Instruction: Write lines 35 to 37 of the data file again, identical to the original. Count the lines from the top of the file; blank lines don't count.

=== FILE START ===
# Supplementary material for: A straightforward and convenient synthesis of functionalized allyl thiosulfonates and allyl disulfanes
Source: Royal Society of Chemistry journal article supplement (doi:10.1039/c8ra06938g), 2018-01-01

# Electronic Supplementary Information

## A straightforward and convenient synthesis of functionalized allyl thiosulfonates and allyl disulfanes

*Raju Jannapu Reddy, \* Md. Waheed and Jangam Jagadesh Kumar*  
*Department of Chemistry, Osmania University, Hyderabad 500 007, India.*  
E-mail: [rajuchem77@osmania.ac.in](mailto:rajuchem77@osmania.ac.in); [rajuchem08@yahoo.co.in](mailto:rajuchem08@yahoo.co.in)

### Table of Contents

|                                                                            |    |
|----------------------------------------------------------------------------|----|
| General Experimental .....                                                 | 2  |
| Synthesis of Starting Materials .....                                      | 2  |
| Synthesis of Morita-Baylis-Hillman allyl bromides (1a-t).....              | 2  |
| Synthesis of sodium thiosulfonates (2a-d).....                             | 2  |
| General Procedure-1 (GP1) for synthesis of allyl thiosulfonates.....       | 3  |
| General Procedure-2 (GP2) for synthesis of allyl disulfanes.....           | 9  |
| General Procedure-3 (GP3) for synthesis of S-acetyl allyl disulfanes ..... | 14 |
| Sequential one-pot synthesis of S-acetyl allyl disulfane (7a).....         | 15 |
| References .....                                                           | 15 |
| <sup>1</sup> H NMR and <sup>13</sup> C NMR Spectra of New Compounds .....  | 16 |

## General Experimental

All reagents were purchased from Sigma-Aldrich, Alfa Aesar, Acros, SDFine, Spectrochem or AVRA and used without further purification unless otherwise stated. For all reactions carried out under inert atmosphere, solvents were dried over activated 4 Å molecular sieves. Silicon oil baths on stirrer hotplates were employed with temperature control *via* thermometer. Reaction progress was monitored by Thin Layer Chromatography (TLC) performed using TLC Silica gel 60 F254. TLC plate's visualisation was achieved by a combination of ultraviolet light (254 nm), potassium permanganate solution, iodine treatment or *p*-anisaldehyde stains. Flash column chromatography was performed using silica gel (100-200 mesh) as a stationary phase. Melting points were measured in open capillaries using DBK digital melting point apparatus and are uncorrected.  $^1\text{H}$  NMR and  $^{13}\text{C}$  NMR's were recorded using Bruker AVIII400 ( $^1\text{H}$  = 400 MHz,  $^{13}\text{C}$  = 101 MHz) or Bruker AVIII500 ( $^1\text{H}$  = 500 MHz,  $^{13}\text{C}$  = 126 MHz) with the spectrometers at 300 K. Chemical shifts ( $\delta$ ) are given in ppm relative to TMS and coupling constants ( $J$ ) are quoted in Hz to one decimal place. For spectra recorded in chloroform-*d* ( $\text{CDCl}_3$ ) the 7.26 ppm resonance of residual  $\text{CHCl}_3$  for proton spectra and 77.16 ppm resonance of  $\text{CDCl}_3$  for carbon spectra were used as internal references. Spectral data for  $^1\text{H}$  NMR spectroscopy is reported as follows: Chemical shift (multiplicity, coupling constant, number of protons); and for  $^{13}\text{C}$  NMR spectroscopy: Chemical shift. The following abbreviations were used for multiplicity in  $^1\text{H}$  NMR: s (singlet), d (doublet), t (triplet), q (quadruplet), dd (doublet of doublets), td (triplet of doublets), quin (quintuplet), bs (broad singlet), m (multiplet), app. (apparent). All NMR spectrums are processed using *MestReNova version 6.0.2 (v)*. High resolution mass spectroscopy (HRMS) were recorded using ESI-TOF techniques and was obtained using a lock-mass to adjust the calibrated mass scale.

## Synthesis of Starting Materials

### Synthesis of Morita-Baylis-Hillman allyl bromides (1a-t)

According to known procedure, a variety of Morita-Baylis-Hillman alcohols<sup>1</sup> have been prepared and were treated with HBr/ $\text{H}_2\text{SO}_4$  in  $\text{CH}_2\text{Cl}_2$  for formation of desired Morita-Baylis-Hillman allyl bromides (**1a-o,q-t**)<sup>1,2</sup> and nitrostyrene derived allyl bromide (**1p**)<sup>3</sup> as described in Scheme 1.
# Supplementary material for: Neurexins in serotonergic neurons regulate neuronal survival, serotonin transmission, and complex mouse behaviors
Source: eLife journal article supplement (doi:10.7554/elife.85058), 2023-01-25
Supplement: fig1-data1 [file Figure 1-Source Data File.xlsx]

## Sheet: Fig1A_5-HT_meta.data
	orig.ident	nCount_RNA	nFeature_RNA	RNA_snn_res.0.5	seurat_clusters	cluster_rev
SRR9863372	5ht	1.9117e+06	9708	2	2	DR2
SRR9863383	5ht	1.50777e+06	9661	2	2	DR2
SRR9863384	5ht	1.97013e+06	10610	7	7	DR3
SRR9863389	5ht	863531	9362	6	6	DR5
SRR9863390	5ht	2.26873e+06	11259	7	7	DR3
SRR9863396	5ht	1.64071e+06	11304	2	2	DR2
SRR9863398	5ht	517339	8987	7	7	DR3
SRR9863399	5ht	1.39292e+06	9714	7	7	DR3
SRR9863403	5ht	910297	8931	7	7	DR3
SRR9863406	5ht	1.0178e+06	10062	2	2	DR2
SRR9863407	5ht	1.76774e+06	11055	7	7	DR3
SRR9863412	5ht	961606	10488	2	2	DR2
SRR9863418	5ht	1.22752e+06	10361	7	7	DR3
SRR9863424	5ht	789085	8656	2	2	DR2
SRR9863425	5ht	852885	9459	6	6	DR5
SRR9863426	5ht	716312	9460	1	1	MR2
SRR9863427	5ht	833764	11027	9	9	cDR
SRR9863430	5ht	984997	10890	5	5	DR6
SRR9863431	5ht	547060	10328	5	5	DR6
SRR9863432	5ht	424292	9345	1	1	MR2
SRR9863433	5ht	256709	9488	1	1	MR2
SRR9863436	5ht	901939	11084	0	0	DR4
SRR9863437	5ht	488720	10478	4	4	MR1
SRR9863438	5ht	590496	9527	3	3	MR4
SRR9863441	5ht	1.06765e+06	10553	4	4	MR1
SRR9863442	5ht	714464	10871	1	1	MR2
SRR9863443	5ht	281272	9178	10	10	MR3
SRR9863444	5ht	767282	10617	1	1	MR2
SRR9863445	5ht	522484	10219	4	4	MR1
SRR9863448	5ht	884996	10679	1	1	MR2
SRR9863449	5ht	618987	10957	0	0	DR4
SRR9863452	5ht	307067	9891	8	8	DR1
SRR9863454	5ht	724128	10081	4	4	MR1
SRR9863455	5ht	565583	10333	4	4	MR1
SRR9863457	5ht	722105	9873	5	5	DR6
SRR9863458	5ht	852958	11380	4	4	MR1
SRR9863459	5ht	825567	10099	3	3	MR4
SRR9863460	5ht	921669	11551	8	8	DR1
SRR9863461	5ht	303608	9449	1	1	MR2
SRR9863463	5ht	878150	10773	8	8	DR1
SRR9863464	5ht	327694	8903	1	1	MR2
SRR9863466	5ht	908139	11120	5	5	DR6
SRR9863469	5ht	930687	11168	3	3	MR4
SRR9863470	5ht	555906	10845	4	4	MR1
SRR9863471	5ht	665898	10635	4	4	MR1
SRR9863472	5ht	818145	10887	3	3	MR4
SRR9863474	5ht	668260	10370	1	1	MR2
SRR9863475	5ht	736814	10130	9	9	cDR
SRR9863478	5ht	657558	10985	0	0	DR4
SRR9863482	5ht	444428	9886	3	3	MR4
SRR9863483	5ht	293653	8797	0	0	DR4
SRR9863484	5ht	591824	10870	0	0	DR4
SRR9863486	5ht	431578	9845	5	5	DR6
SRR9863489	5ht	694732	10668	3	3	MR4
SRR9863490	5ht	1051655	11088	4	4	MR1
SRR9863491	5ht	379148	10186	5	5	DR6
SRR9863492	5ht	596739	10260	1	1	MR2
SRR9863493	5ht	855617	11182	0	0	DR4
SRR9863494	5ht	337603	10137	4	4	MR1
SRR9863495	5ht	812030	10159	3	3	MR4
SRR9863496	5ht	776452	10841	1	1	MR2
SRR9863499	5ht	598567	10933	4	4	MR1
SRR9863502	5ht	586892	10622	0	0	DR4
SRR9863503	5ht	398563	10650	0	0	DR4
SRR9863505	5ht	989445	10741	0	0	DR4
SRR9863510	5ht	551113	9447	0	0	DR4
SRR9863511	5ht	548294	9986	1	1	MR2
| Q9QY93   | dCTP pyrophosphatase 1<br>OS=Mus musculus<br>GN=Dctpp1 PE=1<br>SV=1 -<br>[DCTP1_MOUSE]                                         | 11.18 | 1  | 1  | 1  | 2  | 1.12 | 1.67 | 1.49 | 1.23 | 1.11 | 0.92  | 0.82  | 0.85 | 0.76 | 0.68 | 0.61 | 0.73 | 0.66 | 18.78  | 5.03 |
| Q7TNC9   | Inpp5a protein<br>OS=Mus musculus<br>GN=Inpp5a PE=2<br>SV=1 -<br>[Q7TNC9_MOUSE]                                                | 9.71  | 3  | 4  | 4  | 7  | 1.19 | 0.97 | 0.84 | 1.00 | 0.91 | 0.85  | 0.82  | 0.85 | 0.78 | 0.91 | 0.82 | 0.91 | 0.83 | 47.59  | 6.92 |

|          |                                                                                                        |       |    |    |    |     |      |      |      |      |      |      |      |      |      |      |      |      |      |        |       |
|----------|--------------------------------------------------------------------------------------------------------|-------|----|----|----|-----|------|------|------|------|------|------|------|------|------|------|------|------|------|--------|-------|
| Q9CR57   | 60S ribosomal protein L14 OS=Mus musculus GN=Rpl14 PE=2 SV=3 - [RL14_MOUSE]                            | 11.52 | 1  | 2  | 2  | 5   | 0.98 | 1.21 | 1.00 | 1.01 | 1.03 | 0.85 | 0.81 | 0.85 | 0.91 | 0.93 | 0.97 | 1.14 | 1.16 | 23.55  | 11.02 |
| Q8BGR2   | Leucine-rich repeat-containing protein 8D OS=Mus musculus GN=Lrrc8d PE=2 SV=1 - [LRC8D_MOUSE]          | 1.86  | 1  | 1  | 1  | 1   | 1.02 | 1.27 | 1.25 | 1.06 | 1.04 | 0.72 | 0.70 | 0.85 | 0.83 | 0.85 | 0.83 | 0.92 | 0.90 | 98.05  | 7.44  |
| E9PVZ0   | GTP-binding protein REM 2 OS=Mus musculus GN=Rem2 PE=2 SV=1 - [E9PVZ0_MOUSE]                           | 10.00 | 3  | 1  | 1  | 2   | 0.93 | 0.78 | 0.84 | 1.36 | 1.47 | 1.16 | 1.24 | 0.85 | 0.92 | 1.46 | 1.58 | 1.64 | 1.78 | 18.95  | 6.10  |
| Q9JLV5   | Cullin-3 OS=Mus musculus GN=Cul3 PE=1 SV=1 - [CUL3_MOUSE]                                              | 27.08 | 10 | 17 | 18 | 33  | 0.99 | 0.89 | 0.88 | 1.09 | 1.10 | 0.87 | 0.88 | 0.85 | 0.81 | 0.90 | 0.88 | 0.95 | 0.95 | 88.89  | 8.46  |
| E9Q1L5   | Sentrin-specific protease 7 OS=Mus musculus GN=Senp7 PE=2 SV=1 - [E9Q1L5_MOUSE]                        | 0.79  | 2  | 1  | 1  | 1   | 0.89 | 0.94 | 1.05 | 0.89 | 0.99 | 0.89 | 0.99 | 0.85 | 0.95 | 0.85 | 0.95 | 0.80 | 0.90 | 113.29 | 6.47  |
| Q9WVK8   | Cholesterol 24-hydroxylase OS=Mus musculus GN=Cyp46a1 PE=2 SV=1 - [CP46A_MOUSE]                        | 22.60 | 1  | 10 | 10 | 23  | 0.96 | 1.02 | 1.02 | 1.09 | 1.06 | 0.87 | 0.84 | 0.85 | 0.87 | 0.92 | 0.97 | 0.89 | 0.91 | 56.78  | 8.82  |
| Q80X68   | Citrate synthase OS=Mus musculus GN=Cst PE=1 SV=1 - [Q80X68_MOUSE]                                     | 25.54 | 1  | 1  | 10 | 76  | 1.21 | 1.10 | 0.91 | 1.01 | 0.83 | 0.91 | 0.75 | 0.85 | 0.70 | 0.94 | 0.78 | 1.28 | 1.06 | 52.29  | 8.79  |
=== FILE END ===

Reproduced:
SRR9863390	5ht	2.26873e+06	11259	7	7	DR3
SRR9863396	5ht	1.64071e+06	11304	2	2	DR2
SRR9863398	5ht	517339	8987	7	7	DR3